4. Execute your prototype. You’ve chosen the template — now it’s time to bring your prototype to life. At this stage, don’t worry so much about form or function. Stick to the focus of your idea and what you want to test with the user.

5. Test your prototype. Time to put your prototype to the test. Start by helping your users understand the aim of your prototype project and ask probing questions. You can also draft a short welcome screen or guide alongside the prototype wireframes for users to read. You can solicit general feedback and note their reactions, awareness, points of competitive advantage, and intention of use. 

6. Learn from your prototype testing phase and repeat. Collect user feedback and find the commonalities among their observations. These insights can be built into an affinity diagram to spot patterns or similarities. You can repeat the testing phase with users as needed. Once you’ve incorporated user feedback into your low-fidelity prototypes, you can then move on to building a high-fidelity prototype

When should I use a low-fidelity prototype? 

Low-fidelity prototyping is becoming more popular because of the rise in design thinking and lean start-up methodologies. This includes early validation and minimum viable product solutions that teams iterate on. Not to mention the increase in the collaborative and responsive approach of user-centered design.  But when exactly should you use a low-fidelity prototype?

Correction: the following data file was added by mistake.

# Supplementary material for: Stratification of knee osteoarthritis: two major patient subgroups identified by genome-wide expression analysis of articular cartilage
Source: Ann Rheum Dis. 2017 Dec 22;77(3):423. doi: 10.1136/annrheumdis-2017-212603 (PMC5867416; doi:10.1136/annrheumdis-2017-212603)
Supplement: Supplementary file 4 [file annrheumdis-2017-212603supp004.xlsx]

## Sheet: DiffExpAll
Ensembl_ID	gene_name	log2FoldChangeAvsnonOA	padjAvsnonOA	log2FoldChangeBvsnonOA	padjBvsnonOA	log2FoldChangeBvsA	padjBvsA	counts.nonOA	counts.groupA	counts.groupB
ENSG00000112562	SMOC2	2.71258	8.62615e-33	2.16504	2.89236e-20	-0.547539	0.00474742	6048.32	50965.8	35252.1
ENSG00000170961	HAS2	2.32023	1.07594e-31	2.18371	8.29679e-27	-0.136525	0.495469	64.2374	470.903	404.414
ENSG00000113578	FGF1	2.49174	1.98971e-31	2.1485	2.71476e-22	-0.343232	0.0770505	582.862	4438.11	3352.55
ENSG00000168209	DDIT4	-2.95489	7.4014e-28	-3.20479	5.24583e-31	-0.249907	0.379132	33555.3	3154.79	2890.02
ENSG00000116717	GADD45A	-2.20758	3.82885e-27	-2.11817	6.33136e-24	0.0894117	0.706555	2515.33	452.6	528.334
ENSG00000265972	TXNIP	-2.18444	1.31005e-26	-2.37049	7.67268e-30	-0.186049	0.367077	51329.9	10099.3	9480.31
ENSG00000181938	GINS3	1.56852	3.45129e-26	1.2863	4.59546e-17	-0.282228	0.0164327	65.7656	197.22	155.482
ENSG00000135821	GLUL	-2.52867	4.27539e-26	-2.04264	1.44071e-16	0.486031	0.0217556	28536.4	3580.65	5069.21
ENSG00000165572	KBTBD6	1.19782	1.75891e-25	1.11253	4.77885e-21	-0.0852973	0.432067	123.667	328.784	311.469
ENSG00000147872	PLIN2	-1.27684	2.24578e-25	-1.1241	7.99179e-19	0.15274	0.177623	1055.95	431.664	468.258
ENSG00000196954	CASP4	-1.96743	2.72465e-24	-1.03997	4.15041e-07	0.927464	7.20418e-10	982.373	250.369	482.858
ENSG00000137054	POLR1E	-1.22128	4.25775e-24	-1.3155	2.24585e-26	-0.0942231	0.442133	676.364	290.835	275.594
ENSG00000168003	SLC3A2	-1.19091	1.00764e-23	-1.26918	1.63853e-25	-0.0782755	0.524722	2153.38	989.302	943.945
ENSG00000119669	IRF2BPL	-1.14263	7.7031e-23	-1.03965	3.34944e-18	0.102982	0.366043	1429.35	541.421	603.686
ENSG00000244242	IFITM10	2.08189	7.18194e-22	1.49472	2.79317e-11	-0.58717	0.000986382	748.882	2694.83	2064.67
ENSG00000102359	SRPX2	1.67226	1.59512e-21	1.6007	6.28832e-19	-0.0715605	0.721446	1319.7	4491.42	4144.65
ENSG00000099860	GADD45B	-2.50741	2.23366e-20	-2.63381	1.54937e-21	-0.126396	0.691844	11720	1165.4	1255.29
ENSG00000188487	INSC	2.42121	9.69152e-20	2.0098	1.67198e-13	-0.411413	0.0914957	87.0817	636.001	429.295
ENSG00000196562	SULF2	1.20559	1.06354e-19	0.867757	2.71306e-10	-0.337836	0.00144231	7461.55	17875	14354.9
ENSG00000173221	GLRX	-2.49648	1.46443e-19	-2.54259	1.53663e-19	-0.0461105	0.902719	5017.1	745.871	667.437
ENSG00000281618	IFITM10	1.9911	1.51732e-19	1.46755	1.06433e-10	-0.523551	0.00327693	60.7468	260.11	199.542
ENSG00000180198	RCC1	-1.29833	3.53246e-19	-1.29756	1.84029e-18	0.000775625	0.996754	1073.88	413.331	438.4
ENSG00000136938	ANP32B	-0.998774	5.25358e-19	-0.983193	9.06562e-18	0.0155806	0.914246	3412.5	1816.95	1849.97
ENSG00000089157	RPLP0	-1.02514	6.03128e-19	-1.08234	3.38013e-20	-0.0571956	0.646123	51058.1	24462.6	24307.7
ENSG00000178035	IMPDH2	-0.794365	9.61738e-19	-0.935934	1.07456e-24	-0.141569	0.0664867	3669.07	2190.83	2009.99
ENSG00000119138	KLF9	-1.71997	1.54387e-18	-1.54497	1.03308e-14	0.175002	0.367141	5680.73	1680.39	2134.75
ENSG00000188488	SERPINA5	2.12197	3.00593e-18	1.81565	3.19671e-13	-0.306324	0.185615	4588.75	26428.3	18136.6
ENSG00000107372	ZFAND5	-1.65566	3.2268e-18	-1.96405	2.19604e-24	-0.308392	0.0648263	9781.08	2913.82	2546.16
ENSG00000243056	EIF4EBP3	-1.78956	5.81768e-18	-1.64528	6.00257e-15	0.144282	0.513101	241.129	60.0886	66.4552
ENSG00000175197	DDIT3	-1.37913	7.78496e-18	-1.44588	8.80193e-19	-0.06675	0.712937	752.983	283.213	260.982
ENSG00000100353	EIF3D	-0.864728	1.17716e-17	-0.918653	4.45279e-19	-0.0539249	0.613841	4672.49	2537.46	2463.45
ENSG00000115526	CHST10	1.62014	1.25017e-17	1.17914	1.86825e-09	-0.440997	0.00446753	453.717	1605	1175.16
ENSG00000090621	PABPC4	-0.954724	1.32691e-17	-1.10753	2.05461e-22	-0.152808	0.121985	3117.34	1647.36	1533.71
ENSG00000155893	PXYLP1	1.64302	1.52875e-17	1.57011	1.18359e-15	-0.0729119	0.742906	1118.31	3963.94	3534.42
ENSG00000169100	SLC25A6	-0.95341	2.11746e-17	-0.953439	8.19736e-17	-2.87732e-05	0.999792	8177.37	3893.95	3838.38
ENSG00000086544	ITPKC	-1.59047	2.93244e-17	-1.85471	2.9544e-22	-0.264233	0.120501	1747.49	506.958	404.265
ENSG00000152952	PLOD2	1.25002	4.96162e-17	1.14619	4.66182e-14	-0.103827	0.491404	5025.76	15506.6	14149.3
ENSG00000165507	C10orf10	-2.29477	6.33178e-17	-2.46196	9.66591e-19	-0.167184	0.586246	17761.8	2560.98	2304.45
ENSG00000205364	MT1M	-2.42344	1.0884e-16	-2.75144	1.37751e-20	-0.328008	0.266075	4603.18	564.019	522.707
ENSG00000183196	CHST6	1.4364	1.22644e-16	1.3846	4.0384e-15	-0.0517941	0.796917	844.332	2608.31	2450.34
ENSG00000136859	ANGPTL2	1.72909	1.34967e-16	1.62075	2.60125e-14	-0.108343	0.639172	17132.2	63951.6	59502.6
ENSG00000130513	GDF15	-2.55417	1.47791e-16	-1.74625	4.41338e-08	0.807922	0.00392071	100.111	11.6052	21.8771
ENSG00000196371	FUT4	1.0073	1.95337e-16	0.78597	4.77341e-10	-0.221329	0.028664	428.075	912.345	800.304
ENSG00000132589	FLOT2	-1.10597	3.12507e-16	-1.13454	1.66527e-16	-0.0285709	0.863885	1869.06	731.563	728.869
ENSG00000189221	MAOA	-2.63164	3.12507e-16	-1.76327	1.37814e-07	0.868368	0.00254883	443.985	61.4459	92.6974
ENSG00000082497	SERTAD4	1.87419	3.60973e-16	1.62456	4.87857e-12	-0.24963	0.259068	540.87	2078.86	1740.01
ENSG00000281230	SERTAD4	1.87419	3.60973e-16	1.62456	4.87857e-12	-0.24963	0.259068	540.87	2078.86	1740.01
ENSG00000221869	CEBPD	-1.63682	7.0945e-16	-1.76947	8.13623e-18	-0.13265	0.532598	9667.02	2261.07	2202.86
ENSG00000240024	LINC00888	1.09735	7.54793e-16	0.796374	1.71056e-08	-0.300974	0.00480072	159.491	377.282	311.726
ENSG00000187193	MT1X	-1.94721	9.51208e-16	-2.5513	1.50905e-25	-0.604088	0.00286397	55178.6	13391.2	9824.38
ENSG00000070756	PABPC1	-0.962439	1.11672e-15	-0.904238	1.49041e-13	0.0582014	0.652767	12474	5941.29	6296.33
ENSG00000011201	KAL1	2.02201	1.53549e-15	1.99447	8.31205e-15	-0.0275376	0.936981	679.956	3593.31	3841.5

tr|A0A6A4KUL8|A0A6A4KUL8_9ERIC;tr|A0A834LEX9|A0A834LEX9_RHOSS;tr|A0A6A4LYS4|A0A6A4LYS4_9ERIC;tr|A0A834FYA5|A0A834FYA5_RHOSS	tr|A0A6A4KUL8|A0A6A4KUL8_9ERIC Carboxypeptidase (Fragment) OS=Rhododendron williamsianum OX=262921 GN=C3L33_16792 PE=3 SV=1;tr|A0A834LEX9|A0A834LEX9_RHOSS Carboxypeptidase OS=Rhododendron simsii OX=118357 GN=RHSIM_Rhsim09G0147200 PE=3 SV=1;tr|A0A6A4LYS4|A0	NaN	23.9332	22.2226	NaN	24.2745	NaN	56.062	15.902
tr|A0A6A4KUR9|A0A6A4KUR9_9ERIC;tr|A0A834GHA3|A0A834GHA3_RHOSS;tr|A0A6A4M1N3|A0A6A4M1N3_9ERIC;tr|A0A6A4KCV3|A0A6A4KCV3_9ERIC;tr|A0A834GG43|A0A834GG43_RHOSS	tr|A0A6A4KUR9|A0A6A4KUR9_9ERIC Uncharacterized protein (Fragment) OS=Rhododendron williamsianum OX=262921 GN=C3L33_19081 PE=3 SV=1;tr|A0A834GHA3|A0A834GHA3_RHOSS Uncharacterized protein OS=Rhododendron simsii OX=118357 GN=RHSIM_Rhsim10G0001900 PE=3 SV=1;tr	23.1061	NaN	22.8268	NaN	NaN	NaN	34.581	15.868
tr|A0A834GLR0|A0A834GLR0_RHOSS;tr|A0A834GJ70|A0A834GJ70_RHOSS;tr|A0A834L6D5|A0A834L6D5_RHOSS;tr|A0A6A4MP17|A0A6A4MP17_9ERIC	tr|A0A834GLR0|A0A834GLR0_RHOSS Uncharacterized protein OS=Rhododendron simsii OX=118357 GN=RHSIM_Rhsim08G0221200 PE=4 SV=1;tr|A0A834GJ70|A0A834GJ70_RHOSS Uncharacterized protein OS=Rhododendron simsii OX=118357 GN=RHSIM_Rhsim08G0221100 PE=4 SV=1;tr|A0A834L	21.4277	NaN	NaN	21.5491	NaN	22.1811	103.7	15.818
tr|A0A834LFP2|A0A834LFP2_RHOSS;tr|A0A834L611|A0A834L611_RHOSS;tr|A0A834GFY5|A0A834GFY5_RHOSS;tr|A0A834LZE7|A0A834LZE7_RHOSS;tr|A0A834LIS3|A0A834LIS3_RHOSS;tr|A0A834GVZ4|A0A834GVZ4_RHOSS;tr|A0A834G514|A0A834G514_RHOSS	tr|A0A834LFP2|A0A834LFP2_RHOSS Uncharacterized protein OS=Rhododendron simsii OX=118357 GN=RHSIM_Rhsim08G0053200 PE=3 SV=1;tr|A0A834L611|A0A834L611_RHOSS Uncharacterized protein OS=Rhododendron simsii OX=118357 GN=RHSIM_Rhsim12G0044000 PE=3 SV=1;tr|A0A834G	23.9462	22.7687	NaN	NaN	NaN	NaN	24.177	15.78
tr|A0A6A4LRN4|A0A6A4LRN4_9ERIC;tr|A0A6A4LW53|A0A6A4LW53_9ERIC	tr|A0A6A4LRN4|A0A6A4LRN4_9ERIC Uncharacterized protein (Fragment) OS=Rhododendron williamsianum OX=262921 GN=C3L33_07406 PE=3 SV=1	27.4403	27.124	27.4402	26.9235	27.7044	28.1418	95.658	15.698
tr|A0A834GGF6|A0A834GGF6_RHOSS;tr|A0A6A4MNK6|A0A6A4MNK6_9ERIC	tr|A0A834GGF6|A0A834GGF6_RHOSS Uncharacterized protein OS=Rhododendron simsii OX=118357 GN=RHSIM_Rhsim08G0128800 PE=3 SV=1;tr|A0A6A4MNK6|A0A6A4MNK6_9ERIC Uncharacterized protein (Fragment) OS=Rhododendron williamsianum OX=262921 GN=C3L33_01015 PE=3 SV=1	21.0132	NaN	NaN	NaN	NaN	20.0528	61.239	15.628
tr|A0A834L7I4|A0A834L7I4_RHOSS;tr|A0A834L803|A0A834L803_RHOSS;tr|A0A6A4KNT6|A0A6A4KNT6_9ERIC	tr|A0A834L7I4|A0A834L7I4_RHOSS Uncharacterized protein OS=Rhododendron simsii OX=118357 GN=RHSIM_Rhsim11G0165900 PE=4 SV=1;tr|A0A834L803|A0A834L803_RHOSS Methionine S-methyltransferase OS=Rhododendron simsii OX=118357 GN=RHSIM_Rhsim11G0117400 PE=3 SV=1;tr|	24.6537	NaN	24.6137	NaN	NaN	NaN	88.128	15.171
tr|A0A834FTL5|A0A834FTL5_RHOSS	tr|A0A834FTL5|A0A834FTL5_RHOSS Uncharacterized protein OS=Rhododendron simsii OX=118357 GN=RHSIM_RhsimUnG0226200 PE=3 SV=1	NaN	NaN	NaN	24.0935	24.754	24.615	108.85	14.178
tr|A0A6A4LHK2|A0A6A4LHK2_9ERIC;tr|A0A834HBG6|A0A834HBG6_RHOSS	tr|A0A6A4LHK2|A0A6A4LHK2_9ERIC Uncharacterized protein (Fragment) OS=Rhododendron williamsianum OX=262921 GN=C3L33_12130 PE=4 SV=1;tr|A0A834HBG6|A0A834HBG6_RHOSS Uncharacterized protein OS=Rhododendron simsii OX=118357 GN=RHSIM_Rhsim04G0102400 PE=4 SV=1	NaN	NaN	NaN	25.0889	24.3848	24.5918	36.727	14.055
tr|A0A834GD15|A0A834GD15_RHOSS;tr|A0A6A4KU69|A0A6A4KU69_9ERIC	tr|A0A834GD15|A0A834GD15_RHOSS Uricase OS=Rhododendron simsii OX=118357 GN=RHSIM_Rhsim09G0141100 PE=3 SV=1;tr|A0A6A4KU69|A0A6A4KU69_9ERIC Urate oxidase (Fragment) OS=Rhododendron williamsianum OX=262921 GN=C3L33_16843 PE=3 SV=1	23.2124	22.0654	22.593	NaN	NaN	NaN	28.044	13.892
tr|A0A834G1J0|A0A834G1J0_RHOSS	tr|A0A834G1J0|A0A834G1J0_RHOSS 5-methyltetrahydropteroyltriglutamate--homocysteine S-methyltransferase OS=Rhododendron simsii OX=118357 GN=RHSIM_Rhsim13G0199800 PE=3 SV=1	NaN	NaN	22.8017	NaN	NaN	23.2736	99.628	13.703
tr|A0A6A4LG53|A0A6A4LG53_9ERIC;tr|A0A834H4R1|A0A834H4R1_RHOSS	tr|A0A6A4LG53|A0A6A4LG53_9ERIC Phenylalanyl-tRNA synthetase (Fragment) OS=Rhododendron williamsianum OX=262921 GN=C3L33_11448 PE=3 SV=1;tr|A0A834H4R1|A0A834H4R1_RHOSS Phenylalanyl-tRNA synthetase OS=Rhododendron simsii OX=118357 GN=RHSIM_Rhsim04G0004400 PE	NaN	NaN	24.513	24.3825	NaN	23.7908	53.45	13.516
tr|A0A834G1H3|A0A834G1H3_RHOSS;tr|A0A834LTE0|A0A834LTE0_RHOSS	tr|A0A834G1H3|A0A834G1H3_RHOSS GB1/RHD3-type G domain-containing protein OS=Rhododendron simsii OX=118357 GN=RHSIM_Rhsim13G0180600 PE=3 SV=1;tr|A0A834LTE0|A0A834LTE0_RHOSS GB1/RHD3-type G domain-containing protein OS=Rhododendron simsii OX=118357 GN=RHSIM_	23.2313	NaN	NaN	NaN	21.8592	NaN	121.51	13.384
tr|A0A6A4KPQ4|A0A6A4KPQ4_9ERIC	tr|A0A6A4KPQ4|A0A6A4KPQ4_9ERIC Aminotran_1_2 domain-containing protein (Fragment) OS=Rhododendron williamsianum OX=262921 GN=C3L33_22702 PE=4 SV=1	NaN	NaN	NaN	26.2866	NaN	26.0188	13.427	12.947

Low-fidelity prototypes are most useful when you need to test each visual design element. From workflows and conversion paths to the placement of visual elements and website engagement, a low-fi prototype will help you break down complex processes so you can test how it works.  

Product managers and UX designers can use low-fidelity prototypes when they need to:

  • Make design changes. It’s much easier to make changes during the low-fi product testing phase than further down the design process. 

  • Get honest feedback. Low-fi prototypes encourage users to give honest and meaningful feedback based on functionality, not the way it looks. 

  • Set expectations. Use low-fi prototypes to set realistic expectations with stakeholders. The sketches are basic in their design, so stakeholders know they’re unlikely to ship the next day. 

What can you learn from a low-fidelity prototype?

A low-fi prototype is helpful during the early stages of the design process. It’s very top-level, giving UX and design teams a chance to focus on the core functionalities without getting distracted by other features. It’s an important step to take before getting into more detail with hi-fi prototypes.  

Here’s what you’ll learn when you create a low-fidelity prototype: 

  • See how your functionalities work. Check and test functionality before focusing on the visual side of things and additional features. 

  • Get a better understanding of complex designs. Focus on the fundamentals of the user experience without too many distractions. It’s stripped back, so you can put all your attention towards the core functions. 

  • Identify the areas of improvement. Easily visualize high-level designs in a simple way to better understand how they work and the improvements you can make before you develop further.